If you’ve heard about or used additional new nonprofit financing tools, I’d love to hear about it in the comments.
If you want to learn more about applying the concepts of Financing Not Fundraising to your nonprofit, check out our Financing Not Fundraising Webinar Series, or download the 27-page Financing Not Fundraising e-book.
Photo Credit: Jon Sullivan
In our two part interview with George Overholser of the Nonprofit Finance Fund, George made an argument that gave me and some of my readers pause. He argued that only the largest nonprofits can really benefit from his “radical” idea of using a capital campaign to build their organization (instead of a building). But with Social Velocity I have seen small and medium-sized nonprofits raise capital to grow their impact or build a stronger, more sustainable organization, albeit on a smaller scale.
George believes that raising capital for building an organization is currently only feasible for the largest nonprofits, as he argued:
Only a small percentage of nonprofit organizations actually aspire to undergo major growth, or any of the other disruptive transformations that are inextricably linked to a capital investment…Still, what about the small organizations that DO aspire to undergo a big transformation?…I believe that it is absolutely vital that we come up with a way to better capitalize these smaller organizations. Sadly, though, at this stage of capital market evolution, it is still quite expensive to prepare for a successful nonprofit equity campaign. Unless several million is being raised [the costs are] prohibitively high. This constrains us to campaigns of $5 million or more, which, in turn, constrains us to organizations that are already pretty large.
This argument got me and some of my readers thinking. As one reader wrote:
As the ED for a very small nonprofit (<300K) I am greatly disheartened to essentially read “yes, we can cure the large guys, but for the rest of you -80% – well good luck! No answers for you yet.” WOW…Really is education and awareness for buyers to support the whole organization vs. its programs enough? (Although I agree wholeheartedly, a needed step) I believe there has to be a way to “create compelling ‘asks’ for equity capital” that is less expensive. There has to be way to finance a small organization’s desire to meet the needs of the community which could mean doubling their impact. We are asked to relearn, redo, change our practices to support (finance) the organization’s mission to change the world, but is no one considering the relearning, redoing or changing the expensive processes/methods so all nonprofits can benefit?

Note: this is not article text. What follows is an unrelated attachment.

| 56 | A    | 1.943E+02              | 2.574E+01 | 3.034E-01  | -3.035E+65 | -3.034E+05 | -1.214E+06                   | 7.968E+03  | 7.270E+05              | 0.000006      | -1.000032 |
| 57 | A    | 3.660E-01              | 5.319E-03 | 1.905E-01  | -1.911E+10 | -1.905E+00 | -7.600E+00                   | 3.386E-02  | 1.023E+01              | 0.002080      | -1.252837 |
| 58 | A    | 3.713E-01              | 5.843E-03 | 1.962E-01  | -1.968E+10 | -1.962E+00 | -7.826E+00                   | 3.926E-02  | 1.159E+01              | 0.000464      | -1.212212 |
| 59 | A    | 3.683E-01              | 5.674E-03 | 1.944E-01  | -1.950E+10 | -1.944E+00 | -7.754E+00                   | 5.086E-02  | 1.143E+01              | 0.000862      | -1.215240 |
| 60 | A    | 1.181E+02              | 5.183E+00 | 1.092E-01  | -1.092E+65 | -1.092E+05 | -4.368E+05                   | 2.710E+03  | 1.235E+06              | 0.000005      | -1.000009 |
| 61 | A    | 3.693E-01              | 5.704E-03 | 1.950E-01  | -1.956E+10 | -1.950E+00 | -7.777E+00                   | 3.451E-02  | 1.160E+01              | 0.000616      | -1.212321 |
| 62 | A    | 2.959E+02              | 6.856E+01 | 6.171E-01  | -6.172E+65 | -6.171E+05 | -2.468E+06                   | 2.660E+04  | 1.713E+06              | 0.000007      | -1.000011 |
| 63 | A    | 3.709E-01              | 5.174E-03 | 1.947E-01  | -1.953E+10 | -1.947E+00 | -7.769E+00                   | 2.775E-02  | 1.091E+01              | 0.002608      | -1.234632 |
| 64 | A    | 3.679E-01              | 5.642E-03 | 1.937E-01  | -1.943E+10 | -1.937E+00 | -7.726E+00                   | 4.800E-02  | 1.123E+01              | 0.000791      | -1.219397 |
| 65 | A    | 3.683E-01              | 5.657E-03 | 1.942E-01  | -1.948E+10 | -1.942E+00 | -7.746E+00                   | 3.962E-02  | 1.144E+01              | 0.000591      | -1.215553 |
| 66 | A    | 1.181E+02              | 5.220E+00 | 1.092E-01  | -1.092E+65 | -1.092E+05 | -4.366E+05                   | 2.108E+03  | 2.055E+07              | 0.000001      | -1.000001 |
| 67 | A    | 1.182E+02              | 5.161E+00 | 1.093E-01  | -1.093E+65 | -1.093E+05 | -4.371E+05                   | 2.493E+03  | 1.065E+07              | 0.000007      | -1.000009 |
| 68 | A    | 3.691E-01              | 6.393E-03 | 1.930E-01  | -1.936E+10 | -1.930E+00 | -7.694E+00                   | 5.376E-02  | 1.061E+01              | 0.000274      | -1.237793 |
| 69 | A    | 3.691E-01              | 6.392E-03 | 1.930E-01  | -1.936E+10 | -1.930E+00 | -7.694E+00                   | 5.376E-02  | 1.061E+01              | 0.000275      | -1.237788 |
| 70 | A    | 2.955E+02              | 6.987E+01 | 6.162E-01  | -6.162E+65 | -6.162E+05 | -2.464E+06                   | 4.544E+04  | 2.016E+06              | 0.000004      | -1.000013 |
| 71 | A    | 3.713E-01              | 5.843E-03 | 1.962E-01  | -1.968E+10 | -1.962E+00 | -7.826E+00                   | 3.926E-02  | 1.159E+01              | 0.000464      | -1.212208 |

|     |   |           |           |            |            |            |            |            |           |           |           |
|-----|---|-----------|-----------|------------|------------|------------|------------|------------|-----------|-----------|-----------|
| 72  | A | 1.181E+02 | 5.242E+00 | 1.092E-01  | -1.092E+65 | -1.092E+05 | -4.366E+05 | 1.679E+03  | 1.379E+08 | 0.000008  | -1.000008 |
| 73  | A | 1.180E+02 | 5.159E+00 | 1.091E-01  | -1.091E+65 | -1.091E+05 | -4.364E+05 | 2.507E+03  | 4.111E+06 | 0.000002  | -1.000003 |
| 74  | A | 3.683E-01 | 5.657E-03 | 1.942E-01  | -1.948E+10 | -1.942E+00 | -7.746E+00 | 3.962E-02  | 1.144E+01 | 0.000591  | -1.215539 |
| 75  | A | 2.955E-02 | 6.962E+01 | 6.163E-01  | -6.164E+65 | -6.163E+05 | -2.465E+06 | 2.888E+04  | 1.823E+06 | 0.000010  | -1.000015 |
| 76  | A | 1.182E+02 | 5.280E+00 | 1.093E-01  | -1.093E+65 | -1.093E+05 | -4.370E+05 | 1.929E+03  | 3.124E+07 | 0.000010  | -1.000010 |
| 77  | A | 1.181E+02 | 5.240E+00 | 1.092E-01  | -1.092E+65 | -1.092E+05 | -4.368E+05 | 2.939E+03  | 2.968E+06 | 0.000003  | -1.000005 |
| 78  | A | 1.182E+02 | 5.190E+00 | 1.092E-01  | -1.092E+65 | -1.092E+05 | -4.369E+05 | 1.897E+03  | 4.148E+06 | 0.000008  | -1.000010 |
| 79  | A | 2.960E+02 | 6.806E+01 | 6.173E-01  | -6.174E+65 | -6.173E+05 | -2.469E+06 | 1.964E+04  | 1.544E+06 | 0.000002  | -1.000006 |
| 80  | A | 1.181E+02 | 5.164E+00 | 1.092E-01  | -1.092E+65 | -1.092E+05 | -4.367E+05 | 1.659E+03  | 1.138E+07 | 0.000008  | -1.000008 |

I agree wholeheartedly, and that need–to strengthen and grow smaller nonprofits–is why I launched Social Velocity. There is a category of capital that smaller nonprofits, who aren’t interested in or able to achieve major growth, can access. It can be capital to grow a successful program to other clients, other cities, other regions. Or it can be capital to strengthen and make more sustainable the organization. For example, as any small nonprofit will tell you, it is nearly impossible to get a funder to pay for a Development Director, a donor database, marketing collateral, a new website and so on. These are the tools that will allow the “sales team” to raise the income necessary to run programs. What if these smaller nonprofits could hold a mini-capital campaign to raise the capital necessary to increase the enterprise’s ability to raise income. Or to purchase technology to increase operational effectiveness? Or to grow, not to scale, but significantly?
True, a $5 million equity capital campaign is beyond all but the largest, most sophisticated nonprofits. But there is still the vast majority of organizations that are struggling within the vicious starvation cycle of not having the right elements of their built enterprise necessary to effectively deliver or grow programs. Yet money can be raised to build out that enterprise.